patches_series=$(echo "$response" | jq -rc '.[] | .payload.patch + "," + .payload.series')
echo "$patches_series" | while IFS=, read -r patch series; do
  echo "Submitting job"
  echo "Patch URL: $patch"
  echo "Series URL: $series"

  submit_job "$patch" "$series"

  exit 1
done

Once we have the patch_url and series_url, we can submit the job to Jenkins. We’re going to do this via a call to the submit_job function, which we already defined a stub for. Implementing this function is rather simple, given that we have already configured the job and gathered all required parameters and credentials. Replace the above stub with the below function.

function submit_job() {
  local patch
  local patch_id
  local series_id
  local mbox_url
  local build_url

  patch=$(curl -s "$1")
  series=$(curl -s "$2")
  patch_id=$(echo "$patch" | jq -rc '.id')
  series_id=$(echo "$series" | jq -rc '.id')

  # we need to build this manually to ensure the Patchwork IP address is used
  mbox_url="http://$PATCHWORK_URL/patch/${patch_id}/mbox/?series=${series_id}"
  check_url="http://$PATCHWORK_URL/api/1.0/patches/${patch_id}/checks/"
  build_url="http://$JENKINS_USER:[email protected]$JENKINS_URL/job/$JOB_NAME/build"

  echo "Submitting job: $build_url"
  echo "Job parameters: PATCH_MBOX_URL=$mbox_url, CHECK_URL=$check_url"

  curl -X POST \
    -H "$JENKINS_CRUMB" \
    --data token="$JOB_TOKEN" \
    --data-urlencode json='{
      "parameter": [
        {"name":"MBOX_URL", "value":"'"$mbox_url"'"},
        {"name":"CHECK_URL", "value":"'"$check_url"'"}
      ]
    }' \
    "$build_url"

  echo "Job submitted"
}

There are a couple of important points to note here:

More information on the Jenkins API can be found in remote access API wiki.

Add Patches to Patchwork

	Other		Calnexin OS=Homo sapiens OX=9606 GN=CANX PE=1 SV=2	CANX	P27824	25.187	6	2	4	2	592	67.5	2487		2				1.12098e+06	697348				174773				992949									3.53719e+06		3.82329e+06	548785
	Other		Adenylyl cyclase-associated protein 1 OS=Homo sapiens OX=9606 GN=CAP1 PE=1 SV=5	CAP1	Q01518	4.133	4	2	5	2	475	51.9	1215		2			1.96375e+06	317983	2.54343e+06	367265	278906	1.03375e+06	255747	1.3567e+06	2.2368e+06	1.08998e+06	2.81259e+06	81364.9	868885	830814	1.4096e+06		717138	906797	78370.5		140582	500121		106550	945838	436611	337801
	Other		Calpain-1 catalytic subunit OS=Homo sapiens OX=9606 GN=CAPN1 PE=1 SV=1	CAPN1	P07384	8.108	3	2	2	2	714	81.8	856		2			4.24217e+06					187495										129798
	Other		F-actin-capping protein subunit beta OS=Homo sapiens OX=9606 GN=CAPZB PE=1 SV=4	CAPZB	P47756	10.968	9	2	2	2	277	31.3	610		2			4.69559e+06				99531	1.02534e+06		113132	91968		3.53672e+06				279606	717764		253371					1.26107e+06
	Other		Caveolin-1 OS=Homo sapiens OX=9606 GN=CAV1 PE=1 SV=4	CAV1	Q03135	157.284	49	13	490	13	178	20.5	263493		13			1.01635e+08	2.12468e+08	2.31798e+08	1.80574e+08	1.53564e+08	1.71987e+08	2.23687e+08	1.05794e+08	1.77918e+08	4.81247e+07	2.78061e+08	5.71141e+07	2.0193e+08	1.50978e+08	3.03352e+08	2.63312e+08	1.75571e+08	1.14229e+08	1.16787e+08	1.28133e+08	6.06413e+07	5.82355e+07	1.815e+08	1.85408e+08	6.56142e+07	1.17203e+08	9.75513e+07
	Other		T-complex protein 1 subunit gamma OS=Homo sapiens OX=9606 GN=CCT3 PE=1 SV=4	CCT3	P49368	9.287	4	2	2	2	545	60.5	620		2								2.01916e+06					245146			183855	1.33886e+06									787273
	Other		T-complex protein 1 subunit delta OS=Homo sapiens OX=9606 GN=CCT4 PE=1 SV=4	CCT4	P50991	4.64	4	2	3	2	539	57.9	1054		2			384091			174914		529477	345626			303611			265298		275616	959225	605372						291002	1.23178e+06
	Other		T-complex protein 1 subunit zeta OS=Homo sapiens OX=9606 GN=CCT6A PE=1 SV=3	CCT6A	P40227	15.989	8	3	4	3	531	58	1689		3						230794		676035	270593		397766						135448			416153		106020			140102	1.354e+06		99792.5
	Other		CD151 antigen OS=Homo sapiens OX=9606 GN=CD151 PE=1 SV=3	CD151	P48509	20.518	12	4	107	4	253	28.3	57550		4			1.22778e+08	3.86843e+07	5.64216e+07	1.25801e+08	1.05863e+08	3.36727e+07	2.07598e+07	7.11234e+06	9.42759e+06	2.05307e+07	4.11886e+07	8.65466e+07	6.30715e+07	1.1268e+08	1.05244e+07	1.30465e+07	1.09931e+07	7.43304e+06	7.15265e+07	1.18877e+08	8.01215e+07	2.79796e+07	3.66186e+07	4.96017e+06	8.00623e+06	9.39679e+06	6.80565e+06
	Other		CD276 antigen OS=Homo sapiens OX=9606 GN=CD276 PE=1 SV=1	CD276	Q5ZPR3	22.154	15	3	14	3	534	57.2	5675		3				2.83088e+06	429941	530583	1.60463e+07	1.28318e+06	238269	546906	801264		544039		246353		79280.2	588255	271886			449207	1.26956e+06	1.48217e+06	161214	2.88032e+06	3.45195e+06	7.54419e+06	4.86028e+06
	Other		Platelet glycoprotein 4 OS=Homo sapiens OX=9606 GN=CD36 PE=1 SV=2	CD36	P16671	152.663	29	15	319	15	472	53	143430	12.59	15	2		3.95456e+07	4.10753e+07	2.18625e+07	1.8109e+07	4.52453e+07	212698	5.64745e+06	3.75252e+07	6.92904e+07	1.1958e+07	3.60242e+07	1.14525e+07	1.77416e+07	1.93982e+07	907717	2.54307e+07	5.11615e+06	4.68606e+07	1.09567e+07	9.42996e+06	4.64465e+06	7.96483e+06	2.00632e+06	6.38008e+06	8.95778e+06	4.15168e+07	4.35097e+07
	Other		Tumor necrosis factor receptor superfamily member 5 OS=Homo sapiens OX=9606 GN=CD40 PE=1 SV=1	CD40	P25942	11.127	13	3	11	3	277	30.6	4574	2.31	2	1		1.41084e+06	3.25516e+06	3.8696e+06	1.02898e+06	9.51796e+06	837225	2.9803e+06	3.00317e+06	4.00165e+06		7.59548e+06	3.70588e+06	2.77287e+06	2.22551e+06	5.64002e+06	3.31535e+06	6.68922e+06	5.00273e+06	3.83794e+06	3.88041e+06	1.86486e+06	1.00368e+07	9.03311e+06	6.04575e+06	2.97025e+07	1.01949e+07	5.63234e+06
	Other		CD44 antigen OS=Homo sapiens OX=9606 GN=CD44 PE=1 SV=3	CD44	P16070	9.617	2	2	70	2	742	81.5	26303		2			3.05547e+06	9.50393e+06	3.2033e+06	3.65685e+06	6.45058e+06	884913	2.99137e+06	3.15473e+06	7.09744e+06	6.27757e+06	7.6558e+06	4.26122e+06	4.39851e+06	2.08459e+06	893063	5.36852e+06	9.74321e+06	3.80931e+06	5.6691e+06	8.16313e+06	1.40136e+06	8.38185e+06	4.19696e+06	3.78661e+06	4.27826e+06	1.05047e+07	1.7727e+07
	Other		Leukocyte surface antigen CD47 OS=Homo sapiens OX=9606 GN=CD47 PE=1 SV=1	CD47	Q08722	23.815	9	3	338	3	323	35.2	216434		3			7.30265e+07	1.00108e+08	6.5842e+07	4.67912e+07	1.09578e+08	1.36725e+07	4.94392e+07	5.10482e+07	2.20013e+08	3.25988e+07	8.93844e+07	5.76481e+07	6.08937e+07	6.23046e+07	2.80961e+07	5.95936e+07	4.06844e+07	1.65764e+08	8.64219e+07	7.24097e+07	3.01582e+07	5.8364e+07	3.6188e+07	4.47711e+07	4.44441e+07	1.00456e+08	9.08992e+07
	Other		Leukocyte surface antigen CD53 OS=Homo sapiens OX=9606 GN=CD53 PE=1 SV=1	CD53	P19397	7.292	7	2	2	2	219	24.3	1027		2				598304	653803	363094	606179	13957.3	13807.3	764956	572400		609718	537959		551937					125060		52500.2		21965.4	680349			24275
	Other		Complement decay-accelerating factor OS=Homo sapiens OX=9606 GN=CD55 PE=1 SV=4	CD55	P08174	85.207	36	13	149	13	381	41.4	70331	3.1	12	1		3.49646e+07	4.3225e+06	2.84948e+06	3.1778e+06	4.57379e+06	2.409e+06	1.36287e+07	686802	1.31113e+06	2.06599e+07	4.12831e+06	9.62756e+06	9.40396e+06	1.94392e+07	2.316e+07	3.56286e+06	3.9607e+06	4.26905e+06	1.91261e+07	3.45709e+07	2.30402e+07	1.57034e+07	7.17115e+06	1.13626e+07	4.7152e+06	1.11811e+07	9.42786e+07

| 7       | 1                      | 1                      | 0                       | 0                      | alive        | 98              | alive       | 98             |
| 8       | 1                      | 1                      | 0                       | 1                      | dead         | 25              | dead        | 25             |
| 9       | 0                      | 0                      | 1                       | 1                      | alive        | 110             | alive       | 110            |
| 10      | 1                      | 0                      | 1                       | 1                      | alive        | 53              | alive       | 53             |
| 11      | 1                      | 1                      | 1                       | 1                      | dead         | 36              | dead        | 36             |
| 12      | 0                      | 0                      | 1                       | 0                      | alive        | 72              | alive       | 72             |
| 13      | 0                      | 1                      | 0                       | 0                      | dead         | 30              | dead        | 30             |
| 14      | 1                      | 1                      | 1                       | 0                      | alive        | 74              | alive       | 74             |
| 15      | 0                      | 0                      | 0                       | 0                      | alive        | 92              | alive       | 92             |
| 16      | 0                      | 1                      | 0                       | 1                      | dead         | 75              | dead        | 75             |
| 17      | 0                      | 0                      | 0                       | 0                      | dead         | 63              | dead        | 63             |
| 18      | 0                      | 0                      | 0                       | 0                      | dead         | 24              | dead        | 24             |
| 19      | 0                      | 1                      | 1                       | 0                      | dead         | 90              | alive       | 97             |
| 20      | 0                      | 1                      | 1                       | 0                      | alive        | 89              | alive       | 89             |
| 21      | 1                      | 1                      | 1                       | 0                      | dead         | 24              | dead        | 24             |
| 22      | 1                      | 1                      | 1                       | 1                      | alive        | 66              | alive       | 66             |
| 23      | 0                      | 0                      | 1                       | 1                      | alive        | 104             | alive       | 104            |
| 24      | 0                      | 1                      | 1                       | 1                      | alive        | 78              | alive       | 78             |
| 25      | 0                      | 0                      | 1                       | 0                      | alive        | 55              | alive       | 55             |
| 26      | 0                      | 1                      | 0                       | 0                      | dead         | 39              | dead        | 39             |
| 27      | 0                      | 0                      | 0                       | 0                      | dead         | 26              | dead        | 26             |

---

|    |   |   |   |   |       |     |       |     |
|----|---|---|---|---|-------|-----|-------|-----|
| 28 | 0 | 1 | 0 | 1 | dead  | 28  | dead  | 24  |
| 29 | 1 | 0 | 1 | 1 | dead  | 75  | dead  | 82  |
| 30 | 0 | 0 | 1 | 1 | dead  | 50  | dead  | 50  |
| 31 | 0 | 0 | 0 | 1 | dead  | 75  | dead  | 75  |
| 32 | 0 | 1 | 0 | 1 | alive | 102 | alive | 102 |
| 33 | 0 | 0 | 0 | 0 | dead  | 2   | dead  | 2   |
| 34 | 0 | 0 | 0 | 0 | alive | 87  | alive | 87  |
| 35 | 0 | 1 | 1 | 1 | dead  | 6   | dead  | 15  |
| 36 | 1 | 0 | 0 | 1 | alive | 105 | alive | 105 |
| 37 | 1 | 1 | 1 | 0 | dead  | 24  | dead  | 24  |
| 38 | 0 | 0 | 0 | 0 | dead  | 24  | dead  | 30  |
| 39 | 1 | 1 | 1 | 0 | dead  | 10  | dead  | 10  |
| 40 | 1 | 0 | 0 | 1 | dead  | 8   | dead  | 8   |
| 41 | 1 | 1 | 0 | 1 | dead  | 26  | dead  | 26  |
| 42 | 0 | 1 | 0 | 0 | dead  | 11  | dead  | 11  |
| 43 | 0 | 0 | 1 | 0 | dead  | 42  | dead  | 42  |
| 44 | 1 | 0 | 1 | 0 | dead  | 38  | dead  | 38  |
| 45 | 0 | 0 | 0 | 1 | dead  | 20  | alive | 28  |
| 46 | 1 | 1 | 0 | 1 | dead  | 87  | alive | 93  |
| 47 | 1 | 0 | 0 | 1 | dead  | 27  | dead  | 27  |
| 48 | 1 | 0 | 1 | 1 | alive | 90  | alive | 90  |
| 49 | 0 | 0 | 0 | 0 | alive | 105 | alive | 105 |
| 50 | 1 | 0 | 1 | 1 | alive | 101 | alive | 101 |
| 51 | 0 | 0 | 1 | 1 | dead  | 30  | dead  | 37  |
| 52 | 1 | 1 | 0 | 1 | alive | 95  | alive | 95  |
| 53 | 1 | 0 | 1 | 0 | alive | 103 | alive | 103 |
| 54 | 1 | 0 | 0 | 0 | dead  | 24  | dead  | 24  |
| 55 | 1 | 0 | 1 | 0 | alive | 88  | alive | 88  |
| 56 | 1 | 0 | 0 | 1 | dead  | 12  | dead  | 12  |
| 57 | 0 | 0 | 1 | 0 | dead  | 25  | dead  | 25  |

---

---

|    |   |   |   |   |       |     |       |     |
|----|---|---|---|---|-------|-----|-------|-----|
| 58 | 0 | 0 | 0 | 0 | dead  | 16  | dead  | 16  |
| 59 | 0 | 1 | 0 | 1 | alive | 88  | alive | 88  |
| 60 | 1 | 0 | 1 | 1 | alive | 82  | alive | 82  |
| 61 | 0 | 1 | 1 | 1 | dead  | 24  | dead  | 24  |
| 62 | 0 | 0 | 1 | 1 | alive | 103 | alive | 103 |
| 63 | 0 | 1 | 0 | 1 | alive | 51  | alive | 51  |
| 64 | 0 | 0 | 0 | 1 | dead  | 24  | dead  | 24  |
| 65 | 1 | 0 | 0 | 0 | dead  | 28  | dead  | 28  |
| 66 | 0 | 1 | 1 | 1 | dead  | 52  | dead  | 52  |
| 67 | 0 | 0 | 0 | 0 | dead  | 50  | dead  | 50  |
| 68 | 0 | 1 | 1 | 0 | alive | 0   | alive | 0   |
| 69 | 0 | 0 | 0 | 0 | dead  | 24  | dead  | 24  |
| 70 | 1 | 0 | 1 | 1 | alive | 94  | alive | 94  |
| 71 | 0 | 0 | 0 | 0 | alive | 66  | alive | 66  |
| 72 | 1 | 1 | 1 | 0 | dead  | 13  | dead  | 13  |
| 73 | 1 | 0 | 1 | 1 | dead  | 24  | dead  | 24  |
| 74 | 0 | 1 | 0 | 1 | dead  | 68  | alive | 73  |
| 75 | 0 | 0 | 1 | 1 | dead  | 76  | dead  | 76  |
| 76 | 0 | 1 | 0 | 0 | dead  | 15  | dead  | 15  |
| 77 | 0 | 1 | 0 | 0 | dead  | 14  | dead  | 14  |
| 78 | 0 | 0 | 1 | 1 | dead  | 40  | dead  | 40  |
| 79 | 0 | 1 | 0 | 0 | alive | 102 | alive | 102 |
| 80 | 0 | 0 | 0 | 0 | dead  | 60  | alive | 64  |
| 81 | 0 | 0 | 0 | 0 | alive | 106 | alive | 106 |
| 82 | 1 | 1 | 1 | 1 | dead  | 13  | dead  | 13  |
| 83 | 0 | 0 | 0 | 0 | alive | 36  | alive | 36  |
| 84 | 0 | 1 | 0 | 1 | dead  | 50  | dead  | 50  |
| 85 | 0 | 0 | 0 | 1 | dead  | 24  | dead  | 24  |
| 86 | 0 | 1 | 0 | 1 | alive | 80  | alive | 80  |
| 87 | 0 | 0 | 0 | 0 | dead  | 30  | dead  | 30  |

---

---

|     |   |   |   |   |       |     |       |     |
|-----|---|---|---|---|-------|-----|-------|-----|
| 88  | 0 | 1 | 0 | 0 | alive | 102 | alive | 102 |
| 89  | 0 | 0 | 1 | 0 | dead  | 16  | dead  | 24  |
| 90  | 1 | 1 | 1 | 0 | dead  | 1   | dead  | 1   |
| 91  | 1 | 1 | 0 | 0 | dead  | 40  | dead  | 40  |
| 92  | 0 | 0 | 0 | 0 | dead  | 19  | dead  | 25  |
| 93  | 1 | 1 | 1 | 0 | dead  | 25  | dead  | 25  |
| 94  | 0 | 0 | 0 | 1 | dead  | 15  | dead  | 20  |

Once done, it’s time to load in some patches. We’re going to once again follow the Patchwork documentation and make use Mailman archives. I downloaded the archives for January 2017, like so:

$ curl https://gist.github.com/stephenfin/d13183dad40f8c472234cb26777355c3 \
    | gunzip > sample-series.mbox

Note that this must be downloaded to the patchwork directory, else it will not be accessible from the Docker containers.

Once downloaded, use the parsearchive tool provided with Patchwork to load the archive:

$ docker-compose run web python manage.py parsearchive \
    --list-id=patchwork.ozlabs.org \
    sample-series.mbox

Keep an eye on the /events URL - you should notice a few new patch events.

Go Time

Run the script on your host and watch the end result. That script will read the events stream, filter the events we care about, and kick of Jenkins builds for the patches you just added. Jenkins will then take over, reporting that it is starting testing to Patchwork, actually running the tests, then reporting the end result to Patchwork. You should be able to see the jobs running in Jenkins, and the resulting checks reported in the API.

http://localhost:8080/job/checkstyle/
http://localhost:8000/api/1.0/events/?category=patch-completed

Summary

And so completes our demo. It’s rather basic, involving a lot of “shortcuts” and tinkering. However, it does demonstrate the coming together of many of the features available in the next version of Patchwork, namely:

Not all of these features are required for building an automated testing system. For example, if you didn’t want to test series or were happy testing individual patches, you could skip the series support. Likewise, you don’t have to report test results to Patchwork and could poll the /patches or /series endpoints instead of the /events endpoint to find patches to test. In my opinion though, this represents a great starting point for building an sustainable, stable, and ultimately beneficial testing infrastructure for projects using a mailing list workflow.

What’s Next